Physical sameness (if not strict continuity) would suggest we should accept the former as Fawkes and dismiss the latter as an imposter, but continuity of identity through memory etc. would suggest the reverse. Which, if either, "is" Guy Fawkes?
That really, really irritating question "Who are you?" - as magnificently irritatingly as it was posed by Jack Nicholson (as Dr Buddy Ryell) to Adam Sandler (as Dave Buzni, the neurotic in need in the film Anger Management) - is the heart of the problem. The exchange is something like this....
Buddy: So, Dave... tell us about yourself. Who are you?and so on. What's the right answer to the question "Who are you?"?
Dave: Well, I am an executive assistant... at a major pet products company.
Buddy: I don't want you to tell us what you do. I want you to tell us who you are.
Dave: All right. I'm a pretty good guy. I like playing tennis on occasion....
Buddy: Also, not your hobbies, Dave, just simple: Tell us who you are.
Dave: I just.... Maybe you could give me an example of what a good answer would be.
Buddy: What did you say? You want Lou to tell you who you are?
Dave: No, I just.... I'm a nice, easygoing man. I might be a little bit indecisive at times.
Buddy: Dave, you're describing your personality.
I suggest you make up your own (my own answer involves violence and is not to be recommended); the question is - if taken literally - unanswerable, so you might as well please yourself. (Ditto "What's the difference between a duck?" and "Why a mouse when it spins?"; there is however an answer to "What is the sound of one hand clapping?" - but that also involves violence).
The legitimate uses of the question are to place the person questioned in a context that the asker might recall, recognise - the personhood, life history, inner musings, etc. are irrelevant.
Useful, sensible, normal:
Knock Knock.Unhelpful, disturbing, and more like me on a bad day
Who are you?
The pizza boy!
Knock Knock.Thus the question, "Which of our pair is the real Guy Fawkes?"should be seen as meaningless - there is no is-ness in identity, there is only was-ness.
Who are you?
The man who as a child liked to weld glass with the electric arc produced by a salvaged Extremely High Tension power supply from an old television, who, through a sequence of events that need not concern us now, is currently employed as a pizza delivery boy and has the pizza he has reasonable grounds for believing you recently ordered.
Which brings us back to the Ship of Theseus (random Athenian trireme illustrated); to quote from Wikipedia the origin of the paradox:
According to Greek Legend as reported by Plutarch,
The ship wherein Theseus and the youth of Athens returned [from Crete] had thirty oars, and was preserved by the Athenians down even to the time of Demetrius Phalereus, for they took away the old planks as they decayed, putting in new and stronger timber in their place, insomuch that this ship became a standing example among the philosophers, for the logical question of things that grow; one side holding that the ship remained the same, and the other contending that it was not the same.—Plutarch, Theseus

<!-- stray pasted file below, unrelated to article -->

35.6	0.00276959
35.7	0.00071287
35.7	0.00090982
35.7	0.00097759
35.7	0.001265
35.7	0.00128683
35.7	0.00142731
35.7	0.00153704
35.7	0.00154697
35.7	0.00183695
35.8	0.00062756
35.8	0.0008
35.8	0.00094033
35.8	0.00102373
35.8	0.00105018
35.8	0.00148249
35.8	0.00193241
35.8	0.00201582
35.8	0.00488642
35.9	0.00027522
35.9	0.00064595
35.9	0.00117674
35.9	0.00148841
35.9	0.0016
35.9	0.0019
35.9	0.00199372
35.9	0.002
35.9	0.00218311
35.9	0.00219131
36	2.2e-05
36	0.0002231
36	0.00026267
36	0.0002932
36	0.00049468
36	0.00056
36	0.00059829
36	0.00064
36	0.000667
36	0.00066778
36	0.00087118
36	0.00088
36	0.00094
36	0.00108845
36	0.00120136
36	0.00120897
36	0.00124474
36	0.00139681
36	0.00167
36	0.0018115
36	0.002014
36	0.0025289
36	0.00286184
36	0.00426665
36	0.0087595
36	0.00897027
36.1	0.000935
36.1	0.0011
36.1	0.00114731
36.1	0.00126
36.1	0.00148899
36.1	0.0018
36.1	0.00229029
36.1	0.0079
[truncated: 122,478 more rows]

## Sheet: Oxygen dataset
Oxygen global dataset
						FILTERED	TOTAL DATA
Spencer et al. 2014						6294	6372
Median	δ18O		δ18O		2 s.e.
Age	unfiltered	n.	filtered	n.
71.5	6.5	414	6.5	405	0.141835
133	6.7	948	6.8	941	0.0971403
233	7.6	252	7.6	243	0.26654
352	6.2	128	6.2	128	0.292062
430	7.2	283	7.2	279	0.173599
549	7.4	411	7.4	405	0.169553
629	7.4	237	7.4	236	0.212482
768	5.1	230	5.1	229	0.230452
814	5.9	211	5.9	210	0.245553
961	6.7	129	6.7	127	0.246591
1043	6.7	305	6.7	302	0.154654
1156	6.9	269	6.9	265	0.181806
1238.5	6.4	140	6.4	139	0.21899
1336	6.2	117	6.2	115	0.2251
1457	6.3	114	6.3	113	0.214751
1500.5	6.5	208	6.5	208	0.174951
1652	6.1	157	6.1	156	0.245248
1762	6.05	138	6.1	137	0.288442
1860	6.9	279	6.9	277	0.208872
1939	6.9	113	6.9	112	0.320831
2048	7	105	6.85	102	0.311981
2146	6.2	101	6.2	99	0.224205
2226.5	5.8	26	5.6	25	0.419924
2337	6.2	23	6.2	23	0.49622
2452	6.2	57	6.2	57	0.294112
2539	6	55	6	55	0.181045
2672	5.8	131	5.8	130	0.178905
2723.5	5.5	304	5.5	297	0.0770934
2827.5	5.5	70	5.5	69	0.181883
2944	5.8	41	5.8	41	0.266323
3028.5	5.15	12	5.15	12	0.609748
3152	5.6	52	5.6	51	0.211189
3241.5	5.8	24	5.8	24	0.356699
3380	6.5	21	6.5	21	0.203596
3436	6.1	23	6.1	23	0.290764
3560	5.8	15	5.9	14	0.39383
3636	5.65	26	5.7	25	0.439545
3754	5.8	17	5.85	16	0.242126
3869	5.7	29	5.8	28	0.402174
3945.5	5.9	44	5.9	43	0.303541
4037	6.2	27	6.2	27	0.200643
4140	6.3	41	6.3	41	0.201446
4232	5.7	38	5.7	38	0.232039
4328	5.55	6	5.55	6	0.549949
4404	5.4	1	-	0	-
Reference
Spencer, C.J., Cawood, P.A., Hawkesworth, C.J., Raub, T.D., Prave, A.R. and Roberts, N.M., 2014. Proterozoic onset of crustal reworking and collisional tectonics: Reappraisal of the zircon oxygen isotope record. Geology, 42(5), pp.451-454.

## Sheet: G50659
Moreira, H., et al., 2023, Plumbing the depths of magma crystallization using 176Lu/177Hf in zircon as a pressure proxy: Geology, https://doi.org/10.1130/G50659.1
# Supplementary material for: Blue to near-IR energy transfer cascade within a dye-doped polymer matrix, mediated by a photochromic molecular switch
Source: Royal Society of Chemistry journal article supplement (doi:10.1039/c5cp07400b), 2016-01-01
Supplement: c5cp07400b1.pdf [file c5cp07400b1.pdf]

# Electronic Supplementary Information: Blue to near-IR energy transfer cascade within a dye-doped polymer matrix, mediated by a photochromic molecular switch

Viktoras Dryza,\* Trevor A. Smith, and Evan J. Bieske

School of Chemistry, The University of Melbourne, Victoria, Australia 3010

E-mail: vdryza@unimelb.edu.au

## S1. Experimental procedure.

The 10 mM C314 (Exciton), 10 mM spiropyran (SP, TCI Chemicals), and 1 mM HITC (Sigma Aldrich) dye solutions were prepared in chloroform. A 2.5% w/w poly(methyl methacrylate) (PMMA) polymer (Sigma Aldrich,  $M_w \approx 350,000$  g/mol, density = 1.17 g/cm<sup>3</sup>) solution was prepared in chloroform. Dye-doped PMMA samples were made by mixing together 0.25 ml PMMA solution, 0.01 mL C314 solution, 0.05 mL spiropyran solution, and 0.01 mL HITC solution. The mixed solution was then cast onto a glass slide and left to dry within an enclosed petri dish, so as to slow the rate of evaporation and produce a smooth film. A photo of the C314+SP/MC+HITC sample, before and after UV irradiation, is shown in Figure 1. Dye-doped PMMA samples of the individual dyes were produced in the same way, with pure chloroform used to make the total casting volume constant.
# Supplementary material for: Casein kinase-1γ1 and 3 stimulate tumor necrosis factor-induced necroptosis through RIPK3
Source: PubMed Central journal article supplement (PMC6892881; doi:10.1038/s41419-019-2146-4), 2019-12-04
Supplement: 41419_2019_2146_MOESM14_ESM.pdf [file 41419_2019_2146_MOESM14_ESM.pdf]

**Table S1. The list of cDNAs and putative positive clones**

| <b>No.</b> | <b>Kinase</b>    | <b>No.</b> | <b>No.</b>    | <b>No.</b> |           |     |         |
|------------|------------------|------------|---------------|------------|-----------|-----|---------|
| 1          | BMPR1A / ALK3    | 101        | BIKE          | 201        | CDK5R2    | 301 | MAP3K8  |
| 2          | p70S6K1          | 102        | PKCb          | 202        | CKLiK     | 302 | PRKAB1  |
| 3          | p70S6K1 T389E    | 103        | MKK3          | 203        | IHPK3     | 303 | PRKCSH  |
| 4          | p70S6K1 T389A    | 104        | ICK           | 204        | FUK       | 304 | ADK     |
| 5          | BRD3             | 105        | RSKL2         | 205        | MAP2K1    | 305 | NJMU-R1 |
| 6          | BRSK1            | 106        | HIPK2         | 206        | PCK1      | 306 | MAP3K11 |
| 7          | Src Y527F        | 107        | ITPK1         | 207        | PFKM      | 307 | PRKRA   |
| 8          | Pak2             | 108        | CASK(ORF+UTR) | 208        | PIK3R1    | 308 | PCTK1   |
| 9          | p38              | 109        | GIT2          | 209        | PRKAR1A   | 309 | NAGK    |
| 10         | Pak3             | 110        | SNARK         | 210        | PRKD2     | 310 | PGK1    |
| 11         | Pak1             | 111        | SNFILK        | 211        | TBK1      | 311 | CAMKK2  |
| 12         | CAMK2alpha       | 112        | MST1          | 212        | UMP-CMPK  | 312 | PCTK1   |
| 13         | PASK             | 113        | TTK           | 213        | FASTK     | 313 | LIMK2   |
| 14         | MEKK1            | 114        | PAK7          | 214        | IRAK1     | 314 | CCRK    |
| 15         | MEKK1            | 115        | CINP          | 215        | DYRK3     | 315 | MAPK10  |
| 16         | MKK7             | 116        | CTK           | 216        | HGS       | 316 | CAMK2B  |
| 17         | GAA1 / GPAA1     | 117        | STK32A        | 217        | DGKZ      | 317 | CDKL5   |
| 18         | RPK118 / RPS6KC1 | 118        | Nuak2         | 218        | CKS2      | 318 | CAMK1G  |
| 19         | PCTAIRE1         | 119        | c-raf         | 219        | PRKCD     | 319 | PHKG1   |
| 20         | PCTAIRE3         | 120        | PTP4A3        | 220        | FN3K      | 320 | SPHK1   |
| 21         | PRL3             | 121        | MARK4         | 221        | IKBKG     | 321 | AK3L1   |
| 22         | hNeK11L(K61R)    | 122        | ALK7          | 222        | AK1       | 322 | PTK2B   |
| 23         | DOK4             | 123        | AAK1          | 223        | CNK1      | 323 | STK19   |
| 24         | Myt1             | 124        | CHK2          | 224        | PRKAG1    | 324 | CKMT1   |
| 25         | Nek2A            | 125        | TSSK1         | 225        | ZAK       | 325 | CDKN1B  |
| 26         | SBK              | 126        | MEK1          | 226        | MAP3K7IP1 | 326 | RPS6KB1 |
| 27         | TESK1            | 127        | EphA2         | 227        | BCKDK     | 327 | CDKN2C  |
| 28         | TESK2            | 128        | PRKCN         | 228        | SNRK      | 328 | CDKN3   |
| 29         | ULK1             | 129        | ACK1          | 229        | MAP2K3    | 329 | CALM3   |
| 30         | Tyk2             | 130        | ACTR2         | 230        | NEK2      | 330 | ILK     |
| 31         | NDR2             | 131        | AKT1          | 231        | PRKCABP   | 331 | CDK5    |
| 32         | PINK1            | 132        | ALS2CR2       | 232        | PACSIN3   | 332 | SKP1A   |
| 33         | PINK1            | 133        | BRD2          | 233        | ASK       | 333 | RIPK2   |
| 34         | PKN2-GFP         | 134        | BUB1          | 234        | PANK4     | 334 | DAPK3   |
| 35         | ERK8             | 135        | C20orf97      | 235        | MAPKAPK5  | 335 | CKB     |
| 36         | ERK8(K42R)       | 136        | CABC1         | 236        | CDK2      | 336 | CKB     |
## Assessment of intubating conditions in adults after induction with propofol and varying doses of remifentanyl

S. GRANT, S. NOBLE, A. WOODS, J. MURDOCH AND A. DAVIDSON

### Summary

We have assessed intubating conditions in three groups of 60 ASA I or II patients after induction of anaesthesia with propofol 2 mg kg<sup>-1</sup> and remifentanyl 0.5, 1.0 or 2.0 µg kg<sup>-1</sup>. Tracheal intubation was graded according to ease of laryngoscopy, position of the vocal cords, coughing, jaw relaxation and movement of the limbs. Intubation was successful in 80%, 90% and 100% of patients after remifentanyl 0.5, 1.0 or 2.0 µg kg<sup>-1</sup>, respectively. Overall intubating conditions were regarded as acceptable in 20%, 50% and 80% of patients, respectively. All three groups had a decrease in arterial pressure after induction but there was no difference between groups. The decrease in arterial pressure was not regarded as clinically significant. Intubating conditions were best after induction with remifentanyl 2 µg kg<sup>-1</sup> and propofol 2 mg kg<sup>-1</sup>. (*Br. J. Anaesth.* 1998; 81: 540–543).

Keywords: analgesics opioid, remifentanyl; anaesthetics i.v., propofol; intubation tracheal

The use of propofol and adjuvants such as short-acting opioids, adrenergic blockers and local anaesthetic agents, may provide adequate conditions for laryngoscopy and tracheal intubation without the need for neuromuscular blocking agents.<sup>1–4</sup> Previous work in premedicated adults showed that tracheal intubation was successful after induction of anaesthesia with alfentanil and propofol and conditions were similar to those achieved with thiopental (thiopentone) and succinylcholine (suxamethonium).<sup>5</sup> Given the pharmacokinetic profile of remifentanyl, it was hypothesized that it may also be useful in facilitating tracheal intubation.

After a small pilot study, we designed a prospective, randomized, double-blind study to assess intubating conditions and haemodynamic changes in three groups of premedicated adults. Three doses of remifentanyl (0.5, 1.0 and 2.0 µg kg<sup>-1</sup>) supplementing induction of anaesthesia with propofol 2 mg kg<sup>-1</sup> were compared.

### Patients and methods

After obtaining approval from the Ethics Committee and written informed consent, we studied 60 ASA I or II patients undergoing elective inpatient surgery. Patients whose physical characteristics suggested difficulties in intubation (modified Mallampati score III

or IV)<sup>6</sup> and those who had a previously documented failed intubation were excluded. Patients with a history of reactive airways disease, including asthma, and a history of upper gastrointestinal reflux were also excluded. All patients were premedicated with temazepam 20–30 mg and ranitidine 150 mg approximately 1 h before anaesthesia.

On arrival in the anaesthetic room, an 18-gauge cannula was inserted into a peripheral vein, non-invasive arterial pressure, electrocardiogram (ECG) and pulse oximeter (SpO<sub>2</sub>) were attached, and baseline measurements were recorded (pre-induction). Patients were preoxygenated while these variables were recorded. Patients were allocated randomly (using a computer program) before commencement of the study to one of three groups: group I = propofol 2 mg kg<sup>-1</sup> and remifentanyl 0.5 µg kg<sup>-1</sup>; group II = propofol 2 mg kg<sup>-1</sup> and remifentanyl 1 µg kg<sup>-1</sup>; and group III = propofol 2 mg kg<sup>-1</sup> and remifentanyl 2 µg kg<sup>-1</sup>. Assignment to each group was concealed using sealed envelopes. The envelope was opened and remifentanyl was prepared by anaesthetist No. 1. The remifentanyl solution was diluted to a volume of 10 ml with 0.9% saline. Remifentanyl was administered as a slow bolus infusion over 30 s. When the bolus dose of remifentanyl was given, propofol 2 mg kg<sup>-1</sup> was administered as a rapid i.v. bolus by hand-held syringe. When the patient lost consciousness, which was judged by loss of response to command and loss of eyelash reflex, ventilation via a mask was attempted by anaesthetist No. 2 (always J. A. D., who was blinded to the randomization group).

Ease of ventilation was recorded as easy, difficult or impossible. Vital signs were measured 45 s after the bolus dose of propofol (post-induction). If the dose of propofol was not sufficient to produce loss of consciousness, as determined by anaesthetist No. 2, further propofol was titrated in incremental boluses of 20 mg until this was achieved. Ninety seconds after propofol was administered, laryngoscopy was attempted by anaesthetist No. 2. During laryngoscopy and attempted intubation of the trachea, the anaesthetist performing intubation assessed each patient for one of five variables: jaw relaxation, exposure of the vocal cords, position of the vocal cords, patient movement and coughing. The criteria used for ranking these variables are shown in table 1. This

Plutarch thus questions whether the ship would remain the same if it were entirely replaced, piece by piece. As a corollary, one can question what happens if the replaced parts were used to build a second ship. Which, if either, is the original Ship of Theseus?Since no two things presented to us are or could ever be strictly, exactly, precisely identical - two otherwise identical apples presented to us necessarily differ in their position - we implicitly address identicalness in terms of unstated criteria. The question of identity is usually that of identity across time - is this the same tree as yesterday, for example - in which case we are unable to compare the two instances "side by side". We must accept the imperfection of our knowledge of the state of yesterday's tree and rely on certain proxies, for example trees don't move from place to place and therefore, all other things being equal the tree here today is yesterday's tree.
In the case of the Ship of Theseus we are however presented with explicit alterations - the replacement of rotten timbers - that are merely the unavoidable changes of life (the shedding and the growth of hair, skin; the flow of water and other materials through out bodies) writ large. But if we are explicit about the criteria of identity the problem disappears.
To the archaeologist who unearths Theseus' barque, the timbers will show the shape, the design, etc. but they would not allow him to determine precisely when the ship was first built. Theseus' ship as preserved is the Ship of Theseus in this significant way, but it is not identical with the ship at the time of launch. If all the replaced timbers could be collected together again and re-assembled the result would also "be" the Ship of Theseus. And just as we objected to Guy-Guy, Fawkes-Fawkes both being "Guy Fawkes" on the basis that there cannot be two things the same as one previous thing (which we might characterise as the Principle of the Conservation of Identity) we are also obliged to ask which is the real ship or to state that neither is.
The answer is of course that they both were the Ship of Theseus - and now they are something else. Such duplication just cries out for a new label, so let us refer to instances of an entity as an Incarnation. Given two Incarnations of Theseus' ship, neither "is" The ship, but the two incarnations may equally lay valid claim to having been The ship. Ditto Guy-Guy, Fawkes-Fawkes - what we need to do in expressing identity is to be clear about the relevant characteristics... for the purposes of X, A & B may be identical, but for purpose Y they could be non-identical.
I think that's enough for now.
... The Same Old Stuff